The puppies were on at PADS for their puppy assessment today. Usually, there would be set up inside with lots of volunteer helpers, but because of COVID the assessments were done in the breeding kennel yard with just Jess administering the assessment, Jackie scoring, and two kids to help entertain the pups and bring them into the assessment area when it was their turn.
Puppy assessments are not useful for predicting adult temperament (any of them). What puppy assessments do tell us is what traits a puppy is currently showing, and where they could use some extra work, which helps in assigning puppies to raisers and developing training plans to help puppies with any areas where they could use a little extra work. Rather than raisers taking a scattershot approach to socialization, this helps directs efforts to where they’ll be most effective.
Puppy assessments also help to tease out close to what the puppies’ basic temperament is (personality develops over time, it’s a combination of temperament + experiences). This helps us assess what the parents are producing. In this case, because this is both Elfin and Biscuit’s first litter, this is our first glimpse into what traits they may pass on. (Because both Elfin and Biscuit are from several generations of PADS breedings, we have an idea of what traits we hope they have to pass on, but these first couple breeding are the rest of that).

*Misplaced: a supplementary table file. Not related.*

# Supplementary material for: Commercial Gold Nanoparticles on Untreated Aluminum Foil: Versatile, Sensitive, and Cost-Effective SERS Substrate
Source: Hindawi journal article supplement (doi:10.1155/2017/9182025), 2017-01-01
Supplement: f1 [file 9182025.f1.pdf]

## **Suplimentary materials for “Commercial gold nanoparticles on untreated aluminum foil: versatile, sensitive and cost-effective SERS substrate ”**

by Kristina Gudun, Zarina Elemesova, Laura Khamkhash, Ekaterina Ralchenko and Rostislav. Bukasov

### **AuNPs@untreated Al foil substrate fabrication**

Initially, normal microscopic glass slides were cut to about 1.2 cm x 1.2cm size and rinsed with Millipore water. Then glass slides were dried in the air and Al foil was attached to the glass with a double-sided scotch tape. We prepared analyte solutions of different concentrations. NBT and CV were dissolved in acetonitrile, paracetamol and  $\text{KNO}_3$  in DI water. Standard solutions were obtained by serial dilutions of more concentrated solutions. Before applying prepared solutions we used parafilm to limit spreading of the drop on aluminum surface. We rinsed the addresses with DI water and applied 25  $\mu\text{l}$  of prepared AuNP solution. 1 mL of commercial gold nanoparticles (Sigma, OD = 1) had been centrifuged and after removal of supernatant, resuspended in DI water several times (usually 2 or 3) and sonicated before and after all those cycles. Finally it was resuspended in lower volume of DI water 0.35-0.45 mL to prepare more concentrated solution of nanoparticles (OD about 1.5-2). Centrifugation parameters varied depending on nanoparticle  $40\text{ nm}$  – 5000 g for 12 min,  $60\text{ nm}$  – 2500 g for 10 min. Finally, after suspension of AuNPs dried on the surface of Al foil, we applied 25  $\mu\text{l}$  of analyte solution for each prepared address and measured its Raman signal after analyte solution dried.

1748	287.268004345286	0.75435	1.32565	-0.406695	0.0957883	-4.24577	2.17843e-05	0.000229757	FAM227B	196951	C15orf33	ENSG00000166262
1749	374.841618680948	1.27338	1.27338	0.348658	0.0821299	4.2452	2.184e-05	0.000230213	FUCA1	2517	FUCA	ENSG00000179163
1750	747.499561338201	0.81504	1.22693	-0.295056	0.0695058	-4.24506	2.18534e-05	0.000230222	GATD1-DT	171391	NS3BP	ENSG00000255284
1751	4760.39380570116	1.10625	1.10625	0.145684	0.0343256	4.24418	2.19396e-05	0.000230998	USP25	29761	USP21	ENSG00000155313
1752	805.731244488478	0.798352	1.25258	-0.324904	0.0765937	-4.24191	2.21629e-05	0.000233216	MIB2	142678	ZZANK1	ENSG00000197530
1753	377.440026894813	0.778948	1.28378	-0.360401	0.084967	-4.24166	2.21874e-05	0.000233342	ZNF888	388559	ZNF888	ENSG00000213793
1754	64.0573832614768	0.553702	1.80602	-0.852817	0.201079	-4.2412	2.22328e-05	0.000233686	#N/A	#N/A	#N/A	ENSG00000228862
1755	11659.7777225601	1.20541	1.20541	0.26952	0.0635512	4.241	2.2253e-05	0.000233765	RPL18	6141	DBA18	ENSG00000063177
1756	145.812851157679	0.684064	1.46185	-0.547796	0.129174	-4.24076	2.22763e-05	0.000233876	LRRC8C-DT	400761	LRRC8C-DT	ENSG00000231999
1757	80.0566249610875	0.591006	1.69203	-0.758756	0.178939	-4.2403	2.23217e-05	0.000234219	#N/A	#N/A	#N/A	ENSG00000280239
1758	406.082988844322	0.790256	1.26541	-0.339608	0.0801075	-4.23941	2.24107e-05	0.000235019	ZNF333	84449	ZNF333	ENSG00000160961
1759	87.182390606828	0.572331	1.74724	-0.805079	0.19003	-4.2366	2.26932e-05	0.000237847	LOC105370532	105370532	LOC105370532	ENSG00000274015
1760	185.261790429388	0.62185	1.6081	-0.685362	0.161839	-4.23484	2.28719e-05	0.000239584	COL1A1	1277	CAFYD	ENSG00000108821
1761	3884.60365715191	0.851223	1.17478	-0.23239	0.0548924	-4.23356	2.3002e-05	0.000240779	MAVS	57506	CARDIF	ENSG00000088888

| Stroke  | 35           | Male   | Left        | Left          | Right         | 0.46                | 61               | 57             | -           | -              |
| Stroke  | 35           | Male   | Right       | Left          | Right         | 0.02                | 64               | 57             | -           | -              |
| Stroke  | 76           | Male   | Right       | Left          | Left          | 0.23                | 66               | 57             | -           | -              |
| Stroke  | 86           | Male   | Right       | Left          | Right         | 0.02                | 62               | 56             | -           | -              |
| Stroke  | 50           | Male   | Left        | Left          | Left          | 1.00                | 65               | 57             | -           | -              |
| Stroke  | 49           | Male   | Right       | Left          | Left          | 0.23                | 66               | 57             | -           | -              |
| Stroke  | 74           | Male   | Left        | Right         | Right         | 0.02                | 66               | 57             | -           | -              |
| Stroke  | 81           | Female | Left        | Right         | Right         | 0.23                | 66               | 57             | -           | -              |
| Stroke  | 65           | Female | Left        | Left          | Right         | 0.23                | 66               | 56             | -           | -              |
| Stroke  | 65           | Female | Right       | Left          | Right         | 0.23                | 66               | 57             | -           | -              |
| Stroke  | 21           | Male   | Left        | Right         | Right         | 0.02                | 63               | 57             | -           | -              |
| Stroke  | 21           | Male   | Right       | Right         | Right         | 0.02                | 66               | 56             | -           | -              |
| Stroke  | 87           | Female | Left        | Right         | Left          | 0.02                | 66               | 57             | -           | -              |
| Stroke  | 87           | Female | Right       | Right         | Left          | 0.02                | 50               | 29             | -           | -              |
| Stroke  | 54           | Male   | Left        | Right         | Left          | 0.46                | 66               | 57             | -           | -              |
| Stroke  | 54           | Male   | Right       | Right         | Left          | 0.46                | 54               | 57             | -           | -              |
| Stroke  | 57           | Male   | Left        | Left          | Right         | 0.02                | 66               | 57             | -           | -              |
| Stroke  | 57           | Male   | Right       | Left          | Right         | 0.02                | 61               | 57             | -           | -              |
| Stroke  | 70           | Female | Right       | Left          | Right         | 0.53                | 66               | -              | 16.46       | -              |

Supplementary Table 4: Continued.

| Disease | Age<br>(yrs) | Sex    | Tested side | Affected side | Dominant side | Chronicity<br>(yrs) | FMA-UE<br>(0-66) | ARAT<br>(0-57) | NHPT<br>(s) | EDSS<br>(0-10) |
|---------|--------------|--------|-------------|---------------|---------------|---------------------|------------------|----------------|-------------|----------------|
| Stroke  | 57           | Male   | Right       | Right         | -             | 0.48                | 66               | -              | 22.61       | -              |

Puppy assessments, and the checklist used to score them (the Behaviour Checklist or BCL), are consistent across a number of organizations, and PADS is currently contributing assessment scores and DNA samples to the Working Dog Project, which among other objectives is trying to identify the genes associated with specific behaviour traits that make a dog more or less likely to succeed as an assistance dog.
There is no pass or fail for puppy assessments, we’re just getting a sense for who the puppy is outside of their familiar environment.
Here’s a little video of Freddie’s assessment.